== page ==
The students knew they were being noticed because of a group of college students in America faxing articles of the march from newspapers like The New York Times and the Washington Post. The Chinese students continued in the hopes that, if needed, democratic countries like the United States would help militarily.(Hachten, pp. 70-71)
|Unfortunately, we didn't.|
Nicholas Negroponte, head of the Media Lab at Massachusetts Institute of Technology, agrees also that "'the Internet is a decentralist medium ... There is no head-end, hierarchy, or point of control.'"(Fluendy, p. 71) The Internet, therefore, should be looked at, not as mere technology, but as another form of media. Seeing the capabilities people have to spread information on the Internet, it is important to notice some countries that are speaking out against the Internet.
An example of this inability to censor is the work of Chinese dissident Wei Jingsheng. Jingsheng was released from prison in 1997 after 27 years. He was arrested for spreading his revolutionary book, Searching for the Truth. He has been released on the condition that he leave China and come to the United States.
In his book, Jingsheng has called for democracy in China, pointing out that communism is a failure and that true democracy is the only hope for the Chinese people. Back in 1979, he had only six months of freedom, and used it to continue his call for democracy in China. He was then re-imprisoned, only with harsher treatment.
Many human-rights organizations, like PEN, use electronic mail to send messages to people all over the world. Using electronic mail is often more effective than using a website because some countries like Vietnam have not allowed the full Internet to its citizens but only electronic mail.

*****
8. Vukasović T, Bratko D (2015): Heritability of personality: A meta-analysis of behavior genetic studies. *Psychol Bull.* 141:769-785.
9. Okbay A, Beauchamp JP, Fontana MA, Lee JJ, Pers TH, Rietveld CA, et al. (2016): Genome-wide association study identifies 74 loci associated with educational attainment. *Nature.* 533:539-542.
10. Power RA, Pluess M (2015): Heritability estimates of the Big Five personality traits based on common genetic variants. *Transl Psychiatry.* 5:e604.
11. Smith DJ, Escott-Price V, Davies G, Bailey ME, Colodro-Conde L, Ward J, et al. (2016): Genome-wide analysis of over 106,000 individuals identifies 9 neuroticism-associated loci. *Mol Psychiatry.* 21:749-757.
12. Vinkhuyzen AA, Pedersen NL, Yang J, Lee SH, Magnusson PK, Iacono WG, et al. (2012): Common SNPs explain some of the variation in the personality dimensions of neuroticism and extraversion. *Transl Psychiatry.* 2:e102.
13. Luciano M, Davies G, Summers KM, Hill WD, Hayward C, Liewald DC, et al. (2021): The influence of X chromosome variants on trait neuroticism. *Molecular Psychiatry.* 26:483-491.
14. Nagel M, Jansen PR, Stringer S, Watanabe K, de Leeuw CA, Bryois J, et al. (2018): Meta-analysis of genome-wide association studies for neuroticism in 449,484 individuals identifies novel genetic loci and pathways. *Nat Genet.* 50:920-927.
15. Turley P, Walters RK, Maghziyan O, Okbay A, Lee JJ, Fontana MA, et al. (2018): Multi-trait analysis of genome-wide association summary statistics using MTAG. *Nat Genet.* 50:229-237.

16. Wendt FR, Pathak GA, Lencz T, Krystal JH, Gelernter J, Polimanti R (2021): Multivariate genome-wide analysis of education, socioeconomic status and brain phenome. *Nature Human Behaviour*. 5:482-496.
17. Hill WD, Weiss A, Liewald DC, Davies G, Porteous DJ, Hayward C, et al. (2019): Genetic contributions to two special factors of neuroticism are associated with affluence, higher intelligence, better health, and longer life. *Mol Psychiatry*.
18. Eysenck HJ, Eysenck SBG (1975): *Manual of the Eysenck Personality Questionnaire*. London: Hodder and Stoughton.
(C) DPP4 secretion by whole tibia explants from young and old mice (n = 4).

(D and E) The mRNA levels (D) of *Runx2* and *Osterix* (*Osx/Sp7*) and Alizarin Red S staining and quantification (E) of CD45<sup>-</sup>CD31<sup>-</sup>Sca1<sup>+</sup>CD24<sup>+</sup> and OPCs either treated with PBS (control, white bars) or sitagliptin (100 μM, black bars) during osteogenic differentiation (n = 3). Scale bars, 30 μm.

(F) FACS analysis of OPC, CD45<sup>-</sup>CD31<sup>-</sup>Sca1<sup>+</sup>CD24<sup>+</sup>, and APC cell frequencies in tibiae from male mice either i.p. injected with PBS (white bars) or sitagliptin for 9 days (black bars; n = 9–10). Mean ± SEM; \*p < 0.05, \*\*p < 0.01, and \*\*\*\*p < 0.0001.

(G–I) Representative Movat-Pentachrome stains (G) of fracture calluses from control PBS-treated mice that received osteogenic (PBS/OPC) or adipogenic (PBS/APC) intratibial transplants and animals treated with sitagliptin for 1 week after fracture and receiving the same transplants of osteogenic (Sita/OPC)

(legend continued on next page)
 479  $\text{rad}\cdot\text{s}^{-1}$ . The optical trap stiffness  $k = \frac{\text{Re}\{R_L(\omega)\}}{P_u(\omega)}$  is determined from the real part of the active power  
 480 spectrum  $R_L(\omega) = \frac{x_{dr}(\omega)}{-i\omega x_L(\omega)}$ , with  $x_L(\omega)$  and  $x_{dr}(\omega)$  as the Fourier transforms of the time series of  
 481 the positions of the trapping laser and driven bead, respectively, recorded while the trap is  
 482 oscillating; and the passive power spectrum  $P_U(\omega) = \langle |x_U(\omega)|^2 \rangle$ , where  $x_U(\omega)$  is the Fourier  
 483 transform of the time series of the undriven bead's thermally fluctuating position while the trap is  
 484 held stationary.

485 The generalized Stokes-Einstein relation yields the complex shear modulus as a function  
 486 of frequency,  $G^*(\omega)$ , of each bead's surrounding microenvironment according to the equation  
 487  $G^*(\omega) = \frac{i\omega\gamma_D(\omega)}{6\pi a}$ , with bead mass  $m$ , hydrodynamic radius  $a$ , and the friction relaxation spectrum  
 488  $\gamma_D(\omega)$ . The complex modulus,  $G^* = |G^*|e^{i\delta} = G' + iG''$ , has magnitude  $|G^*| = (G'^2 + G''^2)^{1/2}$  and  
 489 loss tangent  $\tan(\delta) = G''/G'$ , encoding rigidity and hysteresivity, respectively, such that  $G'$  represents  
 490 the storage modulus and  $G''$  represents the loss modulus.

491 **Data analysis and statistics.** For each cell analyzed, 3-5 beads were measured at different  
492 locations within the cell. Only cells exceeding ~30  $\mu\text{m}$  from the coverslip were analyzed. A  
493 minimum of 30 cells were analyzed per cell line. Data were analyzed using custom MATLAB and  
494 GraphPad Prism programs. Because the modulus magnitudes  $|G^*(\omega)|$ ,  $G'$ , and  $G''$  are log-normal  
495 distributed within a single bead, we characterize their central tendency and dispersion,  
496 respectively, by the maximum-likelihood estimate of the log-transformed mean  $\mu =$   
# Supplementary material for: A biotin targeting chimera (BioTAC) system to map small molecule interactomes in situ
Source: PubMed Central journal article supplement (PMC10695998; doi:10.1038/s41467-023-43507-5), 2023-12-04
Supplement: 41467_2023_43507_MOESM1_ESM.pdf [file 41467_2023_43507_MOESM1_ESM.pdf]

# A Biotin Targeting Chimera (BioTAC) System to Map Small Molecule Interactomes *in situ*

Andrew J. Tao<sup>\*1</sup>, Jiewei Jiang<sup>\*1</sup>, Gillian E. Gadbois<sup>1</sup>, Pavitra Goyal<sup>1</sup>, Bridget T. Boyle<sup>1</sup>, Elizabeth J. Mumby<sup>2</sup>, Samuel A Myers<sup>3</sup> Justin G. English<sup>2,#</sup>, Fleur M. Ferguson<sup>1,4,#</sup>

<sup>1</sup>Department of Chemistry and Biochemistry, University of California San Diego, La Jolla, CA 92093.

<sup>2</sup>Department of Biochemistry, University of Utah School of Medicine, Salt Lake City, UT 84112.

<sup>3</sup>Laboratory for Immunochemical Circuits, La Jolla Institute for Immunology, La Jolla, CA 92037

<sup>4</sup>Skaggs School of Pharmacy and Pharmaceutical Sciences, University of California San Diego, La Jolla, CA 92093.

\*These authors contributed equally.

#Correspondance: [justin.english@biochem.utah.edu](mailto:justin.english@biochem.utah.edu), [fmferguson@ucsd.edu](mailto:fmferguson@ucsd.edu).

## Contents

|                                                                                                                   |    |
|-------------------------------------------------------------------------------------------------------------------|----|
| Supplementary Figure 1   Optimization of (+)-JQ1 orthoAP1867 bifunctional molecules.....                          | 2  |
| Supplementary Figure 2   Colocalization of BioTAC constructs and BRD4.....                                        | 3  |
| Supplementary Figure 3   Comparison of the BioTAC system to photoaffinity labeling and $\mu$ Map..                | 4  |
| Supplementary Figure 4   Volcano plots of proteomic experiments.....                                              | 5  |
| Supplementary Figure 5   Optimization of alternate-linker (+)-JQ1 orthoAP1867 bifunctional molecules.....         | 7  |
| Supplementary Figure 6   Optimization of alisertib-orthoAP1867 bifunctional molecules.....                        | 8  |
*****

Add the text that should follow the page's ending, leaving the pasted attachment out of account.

Another reason the Internet is difficult to censor is because the information travels in "packets" of data that are scattered and reassembled at the receiving computer. This makes it much more difficult to intercept the information.(Lewis, p. E18)
These Asian countries see the threat and the difficulty before them in censoring the Internet. "But many reject the notion that modernity encompasses the sort of political pluralism seen in the West."(Asia and the Internet, p. 42)
Many Asian governments seek to control the Internet by limiting the number of service providers; but, citizens can register with a provider overseas and access the newsgroups through a direct dial phone call. Governments can prevent providers from allowing certain groups to post information on the Web, but these groups, too, can post through overseas providers. Governments cannot control the information coming from Websites overseas short of cutting off access to the entire Web. It seems that now there is no way to completely censor the Internet.
Filter software like "Net Nanny" or "Surf Watch" are becoming a possibility for government censorship because they can work as a proxy for sites that have been previously reviewed and determined permissible. However, citizens can simply not activate the software and have access to the whole Internet.
In China, the government issued regulations to steer the flow of electronic information through officially controlled ports that can be monitored. This was done in February of 1996, but China has not been any more successful with its censoring. In Singapore, the government is taking a beginners look at censoring by controlling all international telephone traffic by Singapore's Telecom, the government-owned communications provider.(Faison, p.E2)
China, Singapore and other Asian governments say they want to censor the Internet not to stop Western ideas from coming in, but to stop "undesirable" material. But undesirable material is seen in those countries as pornography and any political criticism.(Campbell, p.60)
These governments fear pornography which some consider a disease from the West, racist and extreme political material which could destabilize their ethnic dynamic, and "of course there's news about their countries that has not been passed through local censors."(Fluendy, p.72)